The disappointing failure in late-stage trials of Pfizer and Medivation's Dimebon last week is a major setback, but the plethora of other drugs in development are cause for optimism for Alzheimer’s sufferers.

That is the view of Ben Greener, lead healthcare analyst at Datamonitor, who says that the data which showed that Dimebon (latrepirdine) failed to achieve clinical benefit over placebo in one of its Phase III trials “came as a surprise to many of those that had been tracking the drug’s progress”. The drug had shown great promise in Phase II, and was “purported to be a future blockbuster”, he notes, but acknowledges that those results were limited by “a small sample size, involvement of just one geographical location (Russia) and the use of only one language to communicate disease severity”.

However, Mr Greener claims that one positive to come out of the failure is that “there will not be significant ramifications for other drugs in development for Alzheimer's”. Unlike Dimebon, the majority of other pipeline candidates are targeted towards “the hypothesised Alzheimer's etiology”, he says, noting that the focus “has shifted from neurotransmitter replacements to biological agents that affect beta-amyloid and tau protein, both hallmarks of the disease”.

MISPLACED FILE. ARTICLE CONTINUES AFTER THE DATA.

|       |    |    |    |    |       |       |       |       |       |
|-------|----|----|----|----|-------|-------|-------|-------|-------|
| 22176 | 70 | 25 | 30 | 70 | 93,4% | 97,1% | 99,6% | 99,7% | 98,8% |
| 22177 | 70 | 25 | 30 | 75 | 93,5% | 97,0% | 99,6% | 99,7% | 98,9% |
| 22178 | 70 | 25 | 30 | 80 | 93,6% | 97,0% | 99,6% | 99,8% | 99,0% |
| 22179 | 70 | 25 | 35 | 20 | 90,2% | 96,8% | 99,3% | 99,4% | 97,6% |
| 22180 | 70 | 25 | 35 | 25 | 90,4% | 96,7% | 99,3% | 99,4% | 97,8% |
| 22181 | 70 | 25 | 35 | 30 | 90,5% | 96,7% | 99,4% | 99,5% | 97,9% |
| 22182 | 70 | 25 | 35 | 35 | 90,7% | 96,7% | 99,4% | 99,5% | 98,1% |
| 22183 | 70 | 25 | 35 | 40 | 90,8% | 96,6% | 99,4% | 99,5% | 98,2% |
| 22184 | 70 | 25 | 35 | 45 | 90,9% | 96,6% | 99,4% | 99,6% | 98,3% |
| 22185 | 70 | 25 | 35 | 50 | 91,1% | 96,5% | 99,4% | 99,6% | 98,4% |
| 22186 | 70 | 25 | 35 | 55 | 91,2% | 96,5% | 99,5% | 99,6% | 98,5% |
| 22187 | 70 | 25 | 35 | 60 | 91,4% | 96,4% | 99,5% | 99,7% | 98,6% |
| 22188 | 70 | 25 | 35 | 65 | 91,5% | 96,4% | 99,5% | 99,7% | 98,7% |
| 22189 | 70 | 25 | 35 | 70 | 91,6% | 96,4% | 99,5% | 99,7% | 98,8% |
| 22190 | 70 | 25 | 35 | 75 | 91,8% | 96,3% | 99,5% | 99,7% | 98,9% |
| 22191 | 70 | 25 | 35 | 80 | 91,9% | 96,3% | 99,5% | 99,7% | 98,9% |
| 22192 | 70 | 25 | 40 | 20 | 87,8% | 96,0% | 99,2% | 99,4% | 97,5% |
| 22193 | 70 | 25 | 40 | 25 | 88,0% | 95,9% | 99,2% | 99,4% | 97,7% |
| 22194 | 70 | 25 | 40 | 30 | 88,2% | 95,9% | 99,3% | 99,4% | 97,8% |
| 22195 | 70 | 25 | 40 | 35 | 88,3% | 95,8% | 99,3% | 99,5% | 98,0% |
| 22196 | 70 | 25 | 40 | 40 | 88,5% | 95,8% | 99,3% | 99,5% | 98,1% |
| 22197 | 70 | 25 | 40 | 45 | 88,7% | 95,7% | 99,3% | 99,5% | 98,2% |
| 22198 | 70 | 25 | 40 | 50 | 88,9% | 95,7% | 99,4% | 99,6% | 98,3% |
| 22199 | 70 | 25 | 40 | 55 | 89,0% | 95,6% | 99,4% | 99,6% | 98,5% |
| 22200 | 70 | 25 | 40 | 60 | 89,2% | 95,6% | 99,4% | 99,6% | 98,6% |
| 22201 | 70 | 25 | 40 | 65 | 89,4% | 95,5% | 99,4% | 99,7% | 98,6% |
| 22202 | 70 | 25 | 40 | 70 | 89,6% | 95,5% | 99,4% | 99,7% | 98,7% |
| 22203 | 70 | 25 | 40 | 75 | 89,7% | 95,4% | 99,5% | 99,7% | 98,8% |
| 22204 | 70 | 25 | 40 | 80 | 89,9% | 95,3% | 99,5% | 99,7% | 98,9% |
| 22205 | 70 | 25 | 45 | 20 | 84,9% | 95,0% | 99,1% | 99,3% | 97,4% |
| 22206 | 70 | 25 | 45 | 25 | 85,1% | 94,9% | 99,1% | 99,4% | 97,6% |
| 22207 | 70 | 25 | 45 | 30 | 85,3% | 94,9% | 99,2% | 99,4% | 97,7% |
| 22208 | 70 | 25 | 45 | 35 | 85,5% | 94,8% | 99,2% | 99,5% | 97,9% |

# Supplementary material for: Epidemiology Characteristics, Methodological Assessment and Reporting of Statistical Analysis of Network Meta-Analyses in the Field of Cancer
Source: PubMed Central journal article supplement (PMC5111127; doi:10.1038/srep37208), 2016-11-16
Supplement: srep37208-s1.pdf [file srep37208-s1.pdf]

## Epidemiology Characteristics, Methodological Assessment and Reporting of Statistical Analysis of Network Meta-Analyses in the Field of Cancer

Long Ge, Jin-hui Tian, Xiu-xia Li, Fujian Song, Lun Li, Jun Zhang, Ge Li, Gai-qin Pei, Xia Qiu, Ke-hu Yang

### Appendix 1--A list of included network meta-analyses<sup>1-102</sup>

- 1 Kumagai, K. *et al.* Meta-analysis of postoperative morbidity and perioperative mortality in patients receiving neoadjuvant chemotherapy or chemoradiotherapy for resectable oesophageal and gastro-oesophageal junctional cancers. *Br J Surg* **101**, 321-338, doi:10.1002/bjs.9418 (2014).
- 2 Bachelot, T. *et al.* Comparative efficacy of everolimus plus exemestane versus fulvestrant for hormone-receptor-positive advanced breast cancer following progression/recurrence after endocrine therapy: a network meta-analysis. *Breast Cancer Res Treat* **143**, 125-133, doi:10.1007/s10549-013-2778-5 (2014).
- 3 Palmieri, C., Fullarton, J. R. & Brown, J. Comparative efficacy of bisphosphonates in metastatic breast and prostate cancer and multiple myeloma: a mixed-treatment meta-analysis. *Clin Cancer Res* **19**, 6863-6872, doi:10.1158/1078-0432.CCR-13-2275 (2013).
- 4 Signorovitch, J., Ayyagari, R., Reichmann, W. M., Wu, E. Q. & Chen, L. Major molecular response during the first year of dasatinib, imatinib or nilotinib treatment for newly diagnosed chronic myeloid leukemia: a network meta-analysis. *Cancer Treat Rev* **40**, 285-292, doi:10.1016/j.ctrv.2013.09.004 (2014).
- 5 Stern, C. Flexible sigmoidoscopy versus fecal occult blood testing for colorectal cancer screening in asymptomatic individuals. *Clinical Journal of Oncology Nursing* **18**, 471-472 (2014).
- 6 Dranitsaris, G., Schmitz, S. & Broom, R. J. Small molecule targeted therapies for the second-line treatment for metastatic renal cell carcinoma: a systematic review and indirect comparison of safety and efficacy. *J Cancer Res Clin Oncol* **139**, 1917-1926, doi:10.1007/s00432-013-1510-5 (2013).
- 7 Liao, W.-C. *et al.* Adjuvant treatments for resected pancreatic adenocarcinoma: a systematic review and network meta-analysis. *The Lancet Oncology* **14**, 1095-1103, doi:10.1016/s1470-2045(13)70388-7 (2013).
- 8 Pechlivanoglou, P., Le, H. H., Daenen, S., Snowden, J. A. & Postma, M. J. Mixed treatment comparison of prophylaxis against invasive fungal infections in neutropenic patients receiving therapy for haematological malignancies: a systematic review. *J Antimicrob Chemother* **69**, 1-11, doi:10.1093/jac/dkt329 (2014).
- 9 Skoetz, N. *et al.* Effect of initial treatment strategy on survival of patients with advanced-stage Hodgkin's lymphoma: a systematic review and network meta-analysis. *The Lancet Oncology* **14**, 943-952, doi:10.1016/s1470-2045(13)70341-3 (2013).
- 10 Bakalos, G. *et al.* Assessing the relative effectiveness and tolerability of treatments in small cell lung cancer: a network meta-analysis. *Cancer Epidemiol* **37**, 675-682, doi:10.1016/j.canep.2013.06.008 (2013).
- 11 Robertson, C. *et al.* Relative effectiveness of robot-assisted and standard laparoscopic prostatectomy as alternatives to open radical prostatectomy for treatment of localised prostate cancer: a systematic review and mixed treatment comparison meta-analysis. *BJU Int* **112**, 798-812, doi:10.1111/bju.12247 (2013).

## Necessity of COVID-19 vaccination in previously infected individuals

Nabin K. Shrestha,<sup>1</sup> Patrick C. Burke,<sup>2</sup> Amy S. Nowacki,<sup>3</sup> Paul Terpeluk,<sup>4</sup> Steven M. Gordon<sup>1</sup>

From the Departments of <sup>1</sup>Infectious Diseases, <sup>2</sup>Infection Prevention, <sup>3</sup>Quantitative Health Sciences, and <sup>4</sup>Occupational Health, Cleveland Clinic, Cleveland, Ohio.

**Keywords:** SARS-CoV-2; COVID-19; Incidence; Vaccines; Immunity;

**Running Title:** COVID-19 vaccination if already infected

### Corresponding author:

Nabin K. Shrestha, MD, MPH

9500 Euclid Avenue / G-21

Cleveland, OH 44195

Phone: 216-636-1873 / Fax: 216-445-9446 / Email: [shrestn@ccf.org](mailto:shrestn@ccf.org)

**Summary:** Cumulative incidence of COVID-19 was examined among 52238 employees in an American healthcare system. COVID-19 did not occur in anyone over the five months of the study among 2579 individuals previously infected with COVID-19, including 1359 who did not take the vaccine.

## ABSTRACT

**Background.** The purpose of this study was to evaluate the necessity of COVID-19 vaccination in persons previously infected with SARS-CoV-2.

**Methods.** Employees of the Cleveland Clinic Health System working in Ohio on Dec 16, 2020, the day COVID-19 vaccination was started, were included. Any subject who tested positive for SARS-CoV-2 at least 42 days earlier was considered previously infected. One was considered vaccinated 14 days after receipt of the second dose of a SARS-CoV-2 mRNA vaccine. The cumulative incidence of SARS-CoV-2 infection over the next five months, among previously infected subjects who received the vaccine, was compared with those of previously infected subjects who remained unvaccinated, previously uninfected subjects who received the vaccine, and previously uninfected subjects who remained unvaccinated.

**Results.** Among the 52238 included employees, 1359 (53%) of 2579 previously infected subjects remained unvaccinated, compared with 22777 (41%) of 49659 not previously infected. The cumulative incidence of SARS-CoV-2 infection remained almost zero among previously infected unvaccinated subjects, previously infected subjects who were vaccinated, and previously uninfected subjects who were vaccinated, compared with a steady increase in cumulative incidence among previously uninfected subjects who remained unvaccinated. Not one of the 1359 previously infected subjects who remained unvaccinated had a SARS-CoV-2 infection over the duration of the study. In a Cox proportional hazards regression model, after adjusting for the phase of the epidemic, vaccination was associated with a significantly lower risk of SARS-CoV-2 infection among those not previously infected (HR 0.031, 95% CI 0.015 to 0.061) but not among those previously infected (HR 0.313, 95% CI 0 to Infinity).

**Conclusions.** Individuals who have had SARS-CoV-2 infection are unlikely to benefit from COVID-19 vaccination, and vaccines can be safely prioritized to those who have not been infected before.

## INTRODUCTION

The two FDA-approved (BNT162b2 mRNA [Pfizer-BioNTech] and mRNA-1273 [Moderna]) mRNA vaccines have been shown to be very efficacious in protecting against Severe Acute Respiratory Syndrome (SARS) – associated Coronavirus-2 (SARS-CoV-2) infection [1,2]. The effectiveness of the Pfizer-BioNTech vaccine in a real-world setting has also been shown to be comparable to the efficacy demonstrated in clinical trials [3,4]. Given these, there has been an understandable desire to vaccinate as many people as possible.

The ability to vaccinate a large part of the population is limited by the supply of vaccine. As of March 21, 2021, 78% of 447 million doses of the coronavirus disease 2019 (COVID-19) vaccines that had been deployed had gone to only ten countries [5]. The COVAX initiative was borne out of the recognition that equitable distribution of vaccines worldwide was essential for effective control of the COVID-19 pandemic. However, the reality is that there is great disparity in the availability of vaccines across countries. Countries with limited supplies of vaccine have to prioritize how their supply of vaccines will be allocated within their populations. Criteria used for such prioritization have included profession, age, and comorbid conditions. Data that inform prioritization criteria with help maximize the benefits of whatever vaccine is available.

The next “eagerly awaited compound” for which Phase III results will be announced is likely to be bapineuzumab, Johnson & Johnson/Pfizer’s humanised monoclonal antibody for beta-amyloid. However, Mr Greener says, “given the high attrition rate in the pipeline, expectations will be tempered”.

He states that there are just four drugs available to Alzheimer’s sufferers and they “only offer a modest symptomatic effect”. Indeed, excluding reformulations, no new drugs have been launched since Forest/Merz/Lundbeck’s Namenda (memantine) arrived in 2002. Since then, around 20 products have failed Phase III trials, Mr Greener said.

Given this, he concludes by saying that “the news about Dimebon may not be such a surprise after all”. However he insists the future looks bright as investment into Alzheimer's R&D “continues to grow exponentially and, ultimately, this is the best news for sufferers: it is only a matter of time before an effective therapy arrives”.